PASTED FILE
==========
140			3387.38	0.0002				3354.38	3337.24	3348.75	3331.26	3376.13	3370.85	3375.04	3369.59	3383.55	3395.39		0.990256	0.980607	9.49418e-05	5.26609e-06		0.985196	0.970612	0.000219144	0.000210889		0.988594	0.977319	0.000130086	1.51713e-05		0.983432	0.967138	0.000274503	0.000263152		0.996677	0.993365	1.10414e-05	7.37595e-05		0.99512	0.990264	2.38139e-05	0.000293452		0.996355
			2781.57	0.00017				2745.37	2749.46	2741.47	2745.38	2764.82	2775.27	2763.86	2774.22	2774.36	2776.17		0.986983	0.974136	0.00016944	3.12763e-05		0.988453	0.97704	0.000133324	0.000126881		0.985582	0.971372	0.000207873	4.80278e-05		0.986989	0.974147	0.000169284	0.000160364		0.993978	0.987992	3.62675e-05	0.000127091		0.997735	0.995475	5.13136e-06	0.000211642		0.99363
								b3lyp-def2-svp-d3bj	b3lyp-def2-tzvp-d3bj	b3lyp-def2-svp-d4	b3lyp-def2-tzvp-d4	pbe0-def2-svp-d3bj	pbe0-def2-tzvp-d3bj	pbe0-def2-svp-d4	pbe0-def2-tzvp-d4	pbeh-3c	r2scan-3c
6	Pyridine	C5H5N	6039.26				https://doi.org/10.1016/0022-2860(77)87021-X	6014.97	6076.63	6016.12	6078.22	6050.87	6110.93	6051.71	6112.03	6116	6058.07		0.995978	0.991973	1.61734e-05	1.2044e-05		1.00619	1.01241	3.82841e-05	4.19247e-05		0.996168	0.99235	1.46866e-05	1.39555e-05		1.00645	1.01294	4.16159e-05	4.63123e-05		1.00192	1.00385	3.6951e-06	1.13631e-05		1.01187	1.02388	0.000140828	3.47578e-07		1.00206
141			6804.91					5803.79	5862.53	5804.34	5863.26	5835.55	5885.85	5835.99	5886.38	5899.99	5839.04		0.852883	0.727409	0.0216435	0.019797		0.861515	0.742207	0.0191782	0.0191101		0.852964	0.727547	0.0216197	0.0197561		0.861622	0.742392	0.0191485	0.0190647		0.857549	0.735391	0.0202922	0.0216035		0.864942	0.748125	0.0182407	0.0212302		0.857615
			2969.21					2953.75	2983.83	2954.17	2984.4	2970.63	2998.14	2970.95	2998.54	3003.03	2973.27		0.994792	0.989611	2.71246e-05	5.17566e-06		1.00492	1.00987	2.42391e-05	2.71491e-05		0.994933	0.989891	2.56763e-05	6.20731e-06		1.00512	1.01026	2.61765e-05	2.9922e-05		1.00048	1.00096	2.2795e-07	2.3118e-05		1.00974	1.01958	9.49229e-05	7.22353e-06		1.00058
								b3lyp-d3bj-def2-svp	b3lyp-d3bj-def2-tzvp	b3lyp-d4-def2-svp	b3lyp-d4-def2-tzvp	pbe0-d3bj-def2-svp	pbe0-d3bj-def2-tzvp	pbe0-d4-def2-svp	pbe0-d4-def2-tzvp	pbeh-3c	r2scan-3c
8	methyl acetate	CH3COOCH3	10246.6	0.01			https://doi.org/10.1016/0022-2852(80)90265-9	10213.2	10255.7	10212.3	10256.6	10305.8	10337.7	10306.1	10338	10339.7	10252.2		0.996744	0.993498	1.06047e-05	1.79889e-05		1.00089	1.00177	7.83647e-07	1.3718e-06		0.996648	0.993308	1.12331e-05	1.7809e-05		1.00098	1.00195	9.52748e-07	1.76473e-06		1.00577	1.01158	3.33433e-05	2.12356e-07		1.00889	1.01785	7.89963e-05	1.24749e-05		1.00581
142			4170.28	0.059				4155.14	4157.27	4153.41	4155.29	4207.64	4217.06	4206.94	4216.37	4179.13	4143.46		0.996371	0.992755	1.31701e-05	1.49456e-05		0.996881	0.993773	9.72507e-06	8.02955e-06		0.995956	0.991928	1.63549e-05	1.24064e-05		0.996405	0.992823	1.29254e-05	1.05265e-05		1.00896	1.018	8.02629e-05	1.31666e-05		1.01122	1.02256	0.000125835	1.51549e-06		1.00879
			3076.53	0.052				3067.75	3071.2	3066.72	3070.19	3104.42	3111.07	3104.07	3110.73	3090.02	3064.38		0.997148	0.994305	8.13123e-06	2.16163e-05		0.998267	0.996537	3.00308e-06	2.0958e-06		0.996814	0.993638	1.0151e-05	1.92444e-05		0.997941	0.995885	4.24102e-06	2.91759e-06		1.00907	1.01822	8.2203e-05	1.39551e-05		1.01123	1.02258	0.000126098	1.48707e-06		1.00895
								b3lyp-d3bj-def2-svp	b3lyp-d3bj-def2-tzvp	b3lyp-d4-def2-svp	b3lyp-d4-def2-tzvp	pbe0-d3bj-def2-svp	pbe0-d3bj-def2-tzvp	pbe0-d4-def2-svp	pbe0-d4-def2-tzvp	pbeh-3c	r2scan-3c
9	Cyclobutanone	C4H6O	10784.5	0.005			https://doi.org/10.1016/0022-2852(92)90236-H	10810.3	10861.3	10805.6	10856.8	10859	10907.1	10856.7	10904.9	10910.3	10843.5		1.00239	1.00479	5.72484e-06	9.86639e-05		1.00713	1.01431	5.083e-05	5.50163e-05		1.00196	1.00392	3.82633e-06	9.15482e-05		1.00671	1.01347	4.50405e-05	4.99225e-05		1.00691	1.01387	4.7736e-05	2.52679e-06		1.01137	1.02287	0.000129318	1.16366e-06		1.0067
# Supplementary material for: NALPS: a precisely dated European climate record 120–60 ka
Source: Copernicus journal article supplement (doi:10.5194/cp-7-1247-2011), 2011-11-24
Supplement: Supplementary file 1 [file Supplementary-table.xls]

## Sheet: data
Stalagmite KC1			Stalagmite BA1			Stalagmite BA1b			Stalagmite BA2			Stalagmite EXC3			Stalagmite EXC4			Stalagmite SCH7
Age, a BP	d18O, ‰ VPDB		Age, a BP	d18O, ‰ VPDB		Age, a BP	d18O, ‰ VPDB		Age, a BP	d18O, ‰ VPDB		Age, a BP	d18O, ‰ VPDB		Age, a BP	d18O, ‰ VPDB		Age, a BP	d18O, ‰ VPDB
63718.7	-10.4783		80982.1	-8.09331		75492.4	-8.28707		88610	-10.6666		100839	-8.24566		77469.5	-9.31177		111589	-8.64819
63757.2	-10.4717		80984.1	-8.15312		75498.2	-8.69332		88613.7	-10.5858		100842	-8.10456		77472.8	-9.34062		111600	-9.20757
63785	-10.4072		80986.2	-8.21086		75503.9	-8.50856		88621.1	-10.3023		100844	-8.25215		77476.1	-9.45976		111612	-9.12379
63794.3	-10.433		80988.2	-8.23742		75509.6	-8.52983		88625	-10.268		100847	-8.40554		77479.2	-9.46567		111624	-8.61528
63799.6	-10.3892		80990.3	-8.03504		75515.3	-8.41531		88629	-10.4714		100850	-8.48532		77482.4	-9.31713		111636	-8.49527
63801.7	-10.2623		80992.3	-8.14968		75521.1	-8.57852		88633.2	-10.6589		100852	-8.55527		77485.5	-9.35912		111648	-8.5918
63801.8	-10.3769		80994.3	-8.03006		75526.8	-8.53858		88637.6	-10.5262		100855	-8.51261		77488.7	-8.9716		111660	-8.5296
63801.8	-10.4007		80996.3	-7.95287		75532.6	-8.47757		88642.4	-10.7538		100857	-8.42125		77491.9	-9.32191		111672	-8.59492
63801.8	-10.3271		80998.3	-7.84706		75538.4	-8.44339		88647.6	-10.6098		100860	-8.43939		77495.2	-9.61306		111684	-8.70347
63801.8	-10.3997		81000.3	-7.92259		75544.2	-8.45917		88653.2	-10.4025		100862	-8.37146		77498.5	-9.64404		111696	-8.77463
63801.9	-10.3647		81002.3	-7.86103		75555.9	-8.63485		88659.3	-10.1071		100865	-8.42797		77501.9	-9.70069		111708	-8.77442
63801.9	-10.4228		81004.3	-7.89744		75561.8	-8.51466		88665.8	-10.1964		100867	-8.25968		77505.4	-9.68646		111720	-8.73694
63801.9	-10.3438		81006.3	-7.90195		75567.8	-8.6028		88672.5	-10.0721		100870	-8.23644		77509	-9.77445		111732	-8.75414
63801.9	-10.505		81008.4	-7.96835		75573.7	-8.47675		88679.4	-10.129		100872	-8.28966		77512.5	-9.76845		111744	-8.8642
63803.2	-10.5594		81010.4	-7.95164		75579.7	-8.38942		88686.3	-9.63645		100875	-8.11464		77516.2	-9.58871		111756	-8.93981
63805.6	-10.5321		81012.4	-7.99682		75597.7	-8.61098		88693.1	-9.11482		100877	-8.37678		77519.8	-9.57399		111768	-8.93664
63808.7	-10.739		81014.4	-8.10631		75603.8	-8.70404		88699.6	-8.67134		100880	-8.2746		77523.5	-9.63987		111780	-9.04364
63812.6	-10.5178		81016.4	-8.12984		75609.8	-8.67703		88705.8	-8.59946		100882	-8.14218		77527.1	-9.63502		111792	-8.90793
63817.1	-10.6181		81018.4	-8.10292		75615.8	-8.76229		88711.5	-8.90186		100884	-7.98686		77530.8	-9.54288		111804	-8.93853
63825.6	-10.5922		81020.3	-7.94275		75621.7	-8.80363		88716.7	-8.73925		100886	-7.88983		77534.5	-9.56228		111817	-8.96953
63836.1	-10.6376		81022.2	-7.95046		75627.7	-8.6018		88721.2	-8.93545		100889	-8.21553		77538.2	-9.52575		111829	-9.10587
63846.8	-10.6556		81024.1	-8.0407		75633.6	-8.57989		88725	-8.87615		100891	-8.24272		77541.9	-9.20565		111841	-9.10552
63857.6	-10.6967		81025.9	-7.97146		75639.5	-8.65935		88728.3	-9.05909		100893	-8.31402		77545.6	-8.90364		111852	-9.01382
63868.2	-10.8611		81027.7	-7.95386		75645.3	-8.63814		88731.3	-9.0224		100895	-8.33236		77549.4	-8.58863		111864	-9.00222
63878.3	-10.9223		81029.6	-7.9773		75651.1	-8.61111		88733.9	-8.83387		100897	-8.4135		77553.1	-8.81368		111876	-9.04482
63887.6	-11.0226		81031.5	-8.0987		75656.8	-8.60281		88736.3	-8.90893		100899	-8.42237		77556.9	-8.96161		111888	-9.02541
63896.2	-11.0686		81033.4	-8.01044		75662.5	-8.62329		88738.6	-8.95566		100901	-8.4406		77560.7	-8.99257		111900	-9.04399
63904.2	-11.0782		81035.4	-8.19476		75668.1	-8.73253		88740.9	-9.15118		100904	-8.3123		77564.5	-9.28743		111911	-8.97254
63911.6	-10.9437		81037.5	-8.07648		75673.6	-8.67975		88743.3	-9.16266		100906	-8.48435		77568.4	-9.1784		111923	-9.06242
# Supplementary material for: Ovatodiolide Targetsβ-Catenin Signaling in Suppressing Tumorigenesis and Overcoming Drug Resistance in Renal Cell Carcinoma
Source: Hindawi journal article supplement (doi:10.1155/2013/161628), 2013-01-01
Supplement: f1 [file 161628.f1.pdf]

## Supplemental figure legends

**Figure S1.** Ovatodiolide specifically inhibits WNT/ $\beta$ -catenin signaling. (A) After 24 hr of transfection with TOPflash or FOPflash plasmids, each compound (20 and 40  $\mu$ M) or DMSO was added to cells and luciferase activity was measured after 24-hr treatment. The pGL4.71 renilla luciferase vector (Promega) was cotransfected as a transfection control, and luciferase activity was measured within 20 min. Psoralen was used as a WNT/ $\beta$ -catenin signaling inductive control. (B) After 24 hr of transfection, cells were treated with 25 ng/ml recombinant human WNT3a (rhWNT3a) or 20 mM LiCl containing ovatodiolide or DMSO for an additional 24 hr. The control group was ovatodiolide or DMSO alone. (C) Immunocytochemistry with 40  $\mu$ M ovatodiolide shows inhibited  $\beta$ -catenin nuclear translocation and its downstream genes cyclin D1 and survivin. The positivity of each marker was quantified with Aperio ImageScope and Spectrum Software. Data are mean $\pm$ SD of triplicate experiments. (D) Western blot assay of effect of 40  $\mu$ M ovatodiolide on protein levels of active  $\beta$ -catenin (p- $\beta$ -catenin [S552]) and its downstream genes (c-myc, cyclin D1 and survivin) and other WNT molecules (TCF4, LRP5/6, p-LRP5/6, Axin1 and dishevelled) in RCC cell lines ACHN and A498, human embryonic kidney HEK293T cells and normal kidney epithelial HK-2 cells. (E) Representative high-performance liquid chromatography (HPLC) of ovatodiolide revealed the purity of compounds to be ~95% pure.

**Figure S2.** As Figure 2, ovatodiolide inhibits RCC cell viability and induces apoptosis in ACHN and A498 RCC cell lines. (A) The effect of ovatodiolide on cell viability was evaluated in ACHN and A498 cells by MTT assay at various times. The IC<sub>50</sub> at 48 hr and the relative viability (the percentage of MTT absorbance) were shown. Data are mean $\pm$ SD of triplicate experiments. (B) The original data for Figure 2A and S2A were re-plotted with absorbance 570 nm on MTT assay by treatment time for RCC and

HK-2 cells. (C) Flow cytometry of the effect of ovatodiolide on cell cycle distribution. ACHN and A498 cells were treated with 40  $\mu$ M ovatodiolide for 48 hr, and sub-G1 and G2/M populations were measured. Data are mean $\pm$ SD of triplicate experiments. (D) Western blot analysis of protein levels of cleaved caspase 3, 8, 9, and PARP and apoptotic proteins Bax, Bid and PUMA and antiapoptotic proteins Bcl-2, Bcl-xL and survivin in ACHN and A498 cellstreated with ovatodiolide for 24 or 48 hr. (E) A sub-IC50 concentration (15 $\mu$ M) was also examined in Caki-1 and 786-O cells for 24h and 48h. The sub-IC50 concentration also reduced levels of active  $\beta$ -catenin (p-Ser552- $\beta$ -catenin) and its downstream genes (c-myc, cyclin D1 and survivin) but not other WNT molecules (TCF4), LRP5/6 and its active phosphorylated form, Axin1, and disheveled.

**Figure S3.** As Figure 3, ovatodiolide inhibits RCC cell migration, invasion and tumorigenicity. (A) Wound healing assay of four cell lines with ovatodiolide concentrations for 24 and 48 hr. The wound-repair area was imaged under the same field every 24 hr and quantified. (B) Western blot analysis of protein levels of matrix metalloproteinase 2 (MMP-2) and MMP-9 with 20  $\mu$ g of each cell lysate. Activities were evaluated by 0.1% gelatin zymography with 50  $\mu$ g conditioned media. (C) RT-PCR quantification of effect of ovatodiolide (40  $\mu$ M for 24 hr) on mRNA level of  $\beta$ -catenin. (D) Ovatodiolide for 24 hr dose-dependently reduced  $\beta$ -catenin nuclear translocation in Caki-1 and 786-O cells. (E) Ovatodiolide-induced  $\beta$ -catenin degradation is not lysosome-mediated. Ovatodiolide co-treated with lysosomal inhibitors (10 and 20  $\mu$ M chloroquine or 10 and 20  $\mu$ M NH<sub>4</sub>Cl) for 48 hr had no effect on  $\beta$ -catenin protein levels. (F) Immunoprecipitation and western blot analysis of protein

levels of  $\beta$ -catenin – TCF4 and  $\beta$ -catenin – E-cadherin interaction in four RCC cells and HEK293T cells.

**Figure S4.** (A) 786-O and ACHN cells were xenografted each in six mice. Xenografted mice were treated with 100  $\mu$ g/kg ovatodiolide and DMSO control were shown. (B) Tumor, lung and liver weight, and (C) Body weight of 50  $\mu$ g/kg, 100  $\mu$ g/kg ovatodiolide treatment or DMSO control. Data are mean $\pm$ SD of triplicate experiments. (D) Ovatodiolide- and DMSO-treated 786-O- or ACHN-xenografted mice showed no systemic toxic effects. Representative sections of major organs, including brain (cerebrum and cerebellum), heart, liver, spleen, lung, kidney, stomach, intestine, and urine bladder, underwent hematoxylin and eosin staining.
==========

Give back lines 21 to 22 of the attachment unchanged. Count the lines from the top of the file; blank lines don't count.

63785	-10.4072		80986.2	-8.21086		75503.9	-8.50856		88621.1	-10.3023		100844	-8.25215		77476.1	-9.45976		111612	-9.12379
63794.3	-10.433		80988.2	-8.23742		75509.6	-8.52983		88625	-10.268		100847	-8.40554		77479.2	-9.46567		111624	-8.61528